3.05.2018

First judgment on whether a director “lives in” New Zealand

The Companies Act gives no guidance on how to determine whether a director will pass the Residency Requirement in New Zealand.

Background

Since 1 April 2015, New Zealand companies have been required to have at least one director who:

  • lives in New Zealand; or
  • lives in Australia and is also the director of an Australian company (excluding a branch),

(for the remainder of this article, we’ll call this the “Residency Requirement”).

The Companies Act 1993 (“Companies Act”) gives no guidance on how to determine whether a director will pass the Residency Requirement in New Zealand.  Up until now, the Registrar of Companies has, in line with tax residency requirements, operated on the basis that a director would satisfy the Residency Requirement if the director in question has been physically present in New Zealand for at least 183 days in any particular year. Failing this, the Registrar then gives the company an opportunity to establish other factors supporting an argument that the Residency Requirement is satisfied.  The Registrar has not published any guidance on the factors that may be important however, the High Court has for the first time directly addressed the issue in Re Carr [2016] NZHC 1536.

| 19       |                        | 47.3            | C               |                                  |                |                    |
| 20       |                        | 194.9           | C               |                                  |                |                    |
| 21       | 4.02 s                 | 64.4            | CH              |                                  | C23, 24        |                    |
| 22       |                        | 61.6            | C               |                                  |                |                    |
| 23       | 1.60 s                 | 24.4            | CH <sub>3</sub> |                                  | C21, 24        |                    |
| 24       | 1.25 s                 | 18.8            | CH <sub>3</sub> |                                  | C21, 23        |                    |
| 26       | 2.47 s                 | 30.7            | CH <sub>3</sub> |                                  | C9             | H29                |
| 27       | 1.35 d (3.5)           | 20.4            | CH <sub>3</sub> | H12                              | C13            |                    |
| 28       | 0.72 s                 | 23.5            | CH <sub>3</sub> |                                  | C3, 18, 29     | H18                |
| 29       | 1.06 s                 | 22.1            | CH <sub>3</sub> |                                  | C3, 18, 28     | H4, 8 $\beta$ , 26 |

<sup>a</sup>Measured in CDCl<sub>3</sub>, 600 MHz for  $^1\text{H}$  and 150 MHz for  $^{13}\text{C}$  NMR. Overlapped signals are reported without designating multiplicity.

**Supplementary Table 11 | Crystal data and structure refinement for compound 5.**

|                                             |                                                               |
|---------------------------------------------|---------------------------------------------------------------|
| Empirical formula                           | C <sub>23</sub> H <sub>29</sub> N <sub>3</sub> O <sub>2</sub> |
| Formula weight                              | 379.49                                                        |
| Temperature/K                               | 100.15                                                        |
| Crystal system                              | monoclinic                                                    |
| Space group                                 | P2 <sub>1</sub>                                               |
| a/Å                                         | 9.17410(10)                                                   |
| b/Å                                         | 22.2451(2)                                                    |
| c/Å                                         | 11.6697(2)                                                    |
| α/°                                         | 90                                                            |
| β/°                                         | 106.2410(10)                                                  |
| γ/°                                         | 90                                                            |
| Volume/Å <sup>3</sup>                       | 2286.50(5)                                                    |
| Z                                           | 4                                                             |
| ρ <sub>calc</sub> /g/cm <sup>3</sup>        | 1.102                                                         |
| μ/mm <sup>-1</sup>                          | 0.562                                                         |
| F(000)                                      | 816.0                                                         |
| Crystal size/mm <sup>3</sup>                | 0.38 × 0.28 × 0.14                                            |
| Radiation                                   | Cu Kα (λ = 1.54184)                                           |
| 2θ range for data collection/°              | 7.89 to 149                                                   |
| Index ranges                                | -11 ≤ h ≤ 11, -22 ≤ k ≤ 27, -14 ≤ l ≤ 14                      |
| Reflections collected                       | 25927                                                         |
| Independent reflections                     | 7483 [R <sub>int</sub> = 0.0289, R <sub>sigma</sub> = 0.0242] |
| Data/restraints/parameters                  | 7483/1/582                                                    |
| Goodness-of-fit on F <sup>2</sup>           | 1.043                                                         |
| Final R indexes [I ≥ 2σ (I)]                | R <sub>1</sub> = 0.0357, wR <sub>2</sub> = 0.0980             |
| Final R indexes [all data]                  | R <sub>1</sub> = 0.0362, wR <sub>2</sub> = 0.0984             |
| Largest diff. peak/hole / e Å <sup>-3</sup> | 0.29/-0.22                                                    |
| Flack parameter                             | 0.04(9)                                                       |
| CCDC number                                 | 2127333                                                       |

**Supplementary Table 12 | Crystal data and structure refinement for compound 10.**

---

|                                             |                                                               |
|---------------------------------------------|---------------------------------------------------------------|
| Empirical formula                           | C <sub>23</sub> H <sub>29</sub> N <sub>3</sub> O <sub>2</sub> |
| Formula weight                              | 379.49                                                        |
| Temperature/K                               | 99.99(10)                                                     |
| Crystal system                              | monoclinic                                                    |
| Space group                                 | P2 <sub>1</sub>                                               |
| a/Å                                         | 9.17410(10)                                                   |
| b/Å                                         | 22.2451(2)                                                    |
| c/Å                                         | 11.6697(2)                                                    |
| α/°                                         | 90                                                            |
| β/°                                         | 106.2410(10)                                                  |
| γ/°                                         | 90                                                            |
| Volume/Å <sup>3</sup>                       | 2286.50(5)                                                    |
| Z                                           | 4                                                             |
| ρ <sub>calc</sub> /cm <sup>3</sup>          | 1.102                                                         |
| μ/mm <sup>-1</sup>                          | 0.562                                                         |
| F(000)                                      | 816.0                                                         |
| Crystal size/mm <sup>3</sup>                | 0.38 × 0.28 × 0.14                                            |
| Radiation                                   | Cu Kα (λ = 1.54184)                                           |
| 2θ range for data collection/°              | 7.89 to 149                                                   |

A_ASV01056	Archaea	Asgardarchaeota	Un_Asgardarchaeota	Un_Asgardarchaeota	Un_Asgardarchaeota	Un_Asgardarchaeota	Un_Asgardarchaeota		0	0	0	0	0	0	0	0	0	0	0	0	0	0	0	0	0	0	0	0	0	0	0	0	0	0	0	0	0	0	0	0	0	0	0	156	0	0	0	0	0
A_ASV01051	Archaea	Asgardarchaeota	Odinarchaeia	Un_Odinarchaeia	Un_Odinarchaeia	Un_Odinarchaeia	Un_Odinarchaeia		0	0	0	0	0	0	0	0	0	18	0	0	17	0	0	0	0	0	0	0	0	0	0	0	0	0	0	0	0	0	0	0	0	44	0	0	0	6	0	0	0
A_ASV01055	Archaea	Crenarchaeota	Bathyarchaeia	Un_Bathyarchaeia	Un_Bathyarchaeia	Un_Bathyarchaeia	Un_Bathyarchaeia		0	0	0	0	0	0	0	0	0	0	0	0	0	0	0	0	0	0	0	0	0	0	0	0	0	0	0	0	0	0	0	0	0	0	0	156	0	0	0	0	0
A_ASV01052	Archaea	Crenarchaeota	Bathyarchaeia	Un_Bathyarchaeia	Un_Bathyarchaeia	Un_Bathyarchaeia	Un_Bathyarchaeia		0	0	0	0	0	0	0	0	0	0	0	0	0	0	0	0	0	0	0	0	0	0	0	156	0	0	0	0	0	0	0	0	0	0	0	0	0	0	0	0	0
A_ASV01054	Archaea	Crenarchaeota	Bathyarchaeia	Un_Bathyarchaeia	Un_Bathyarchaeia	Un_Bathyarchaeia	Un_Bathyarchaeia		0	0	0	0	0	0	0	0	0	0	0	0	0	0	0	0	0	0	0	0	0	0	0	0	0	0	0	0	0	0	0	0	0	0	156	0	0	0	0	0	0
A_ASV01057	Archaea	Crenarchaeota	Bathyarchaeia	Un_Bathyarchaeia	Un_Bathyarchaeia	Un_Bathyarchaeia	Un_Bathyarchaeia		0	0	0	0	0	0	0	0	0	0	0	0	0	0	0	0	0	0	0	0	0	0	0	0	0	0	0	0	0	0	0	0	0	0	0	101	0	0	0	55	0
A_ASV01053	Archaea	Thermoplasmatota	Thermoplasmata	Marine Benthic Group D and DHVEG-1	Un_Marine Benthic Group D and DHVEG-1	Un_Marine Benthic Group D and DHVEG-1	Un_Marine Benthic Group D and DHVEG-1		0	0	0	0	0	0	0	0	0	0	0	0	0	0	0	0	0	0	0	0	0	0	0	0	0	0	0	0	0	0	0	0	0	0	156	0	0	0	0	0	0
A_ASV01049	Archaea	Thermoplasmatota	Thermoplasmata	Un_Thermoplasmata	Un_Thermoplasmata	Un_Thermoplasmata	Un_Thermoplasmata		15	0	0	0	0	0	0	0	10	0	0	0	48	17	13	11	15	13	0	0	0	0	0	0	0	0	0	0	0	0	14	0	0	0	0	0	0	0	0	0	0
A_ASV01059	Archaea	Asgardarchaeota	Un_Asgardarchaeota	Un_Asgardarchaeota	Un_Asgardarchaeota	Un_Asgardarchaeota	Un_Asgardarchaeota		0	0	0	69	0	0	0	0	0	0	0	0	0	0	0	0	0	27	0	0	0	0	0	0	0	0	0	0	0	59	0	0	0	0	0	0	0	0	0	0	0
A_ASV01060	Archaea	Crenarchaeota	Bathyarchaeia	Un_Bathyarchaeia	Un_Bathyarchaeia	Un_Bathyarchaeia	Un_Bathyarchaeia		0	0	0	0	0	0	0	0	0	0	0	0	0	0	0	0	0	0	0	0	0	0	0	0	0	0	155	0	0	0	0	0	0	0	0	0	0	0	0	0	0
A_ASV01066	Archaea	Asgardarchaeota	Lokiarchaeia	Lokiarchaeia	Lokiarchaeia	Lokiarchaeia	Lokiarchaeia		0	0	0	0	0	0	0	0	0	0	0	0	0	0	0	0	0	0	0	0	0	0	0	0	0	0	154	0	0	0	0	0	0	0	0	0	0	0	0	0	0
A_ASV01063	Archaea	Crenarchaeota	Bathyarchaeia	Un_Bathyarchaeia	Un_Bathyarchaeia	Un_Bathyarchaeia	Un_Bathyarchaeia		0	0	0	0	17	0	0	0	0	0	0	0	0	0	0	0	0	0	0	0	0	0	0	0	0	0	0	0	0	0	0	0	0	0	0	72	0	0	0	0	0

The Case

Mr Carr is the sole director of a number of New Zealand companies.  Over the last six years, he has, on average, spent approximately a third of each year in New Zealand (including just 69 days in 2015).  The Registrar’s focus on his absence for large periods each year meant it was of the view that Mr Carr did not satisfy the Residency Requirement.

The Judge (Justice Simon France) considered that the key driver behind the introduction of the Residency Requirement was a desire to ensure actions or obligations could be enforced against at least one of a company’s directors.  Accordingly, it was his judgment that, whilst a director’s physical presence in New Zealand for at least 183 days in every year was important (and provided a criterion which allowed a director to automatically meet the Residency Requirement), large absences should not be determinative.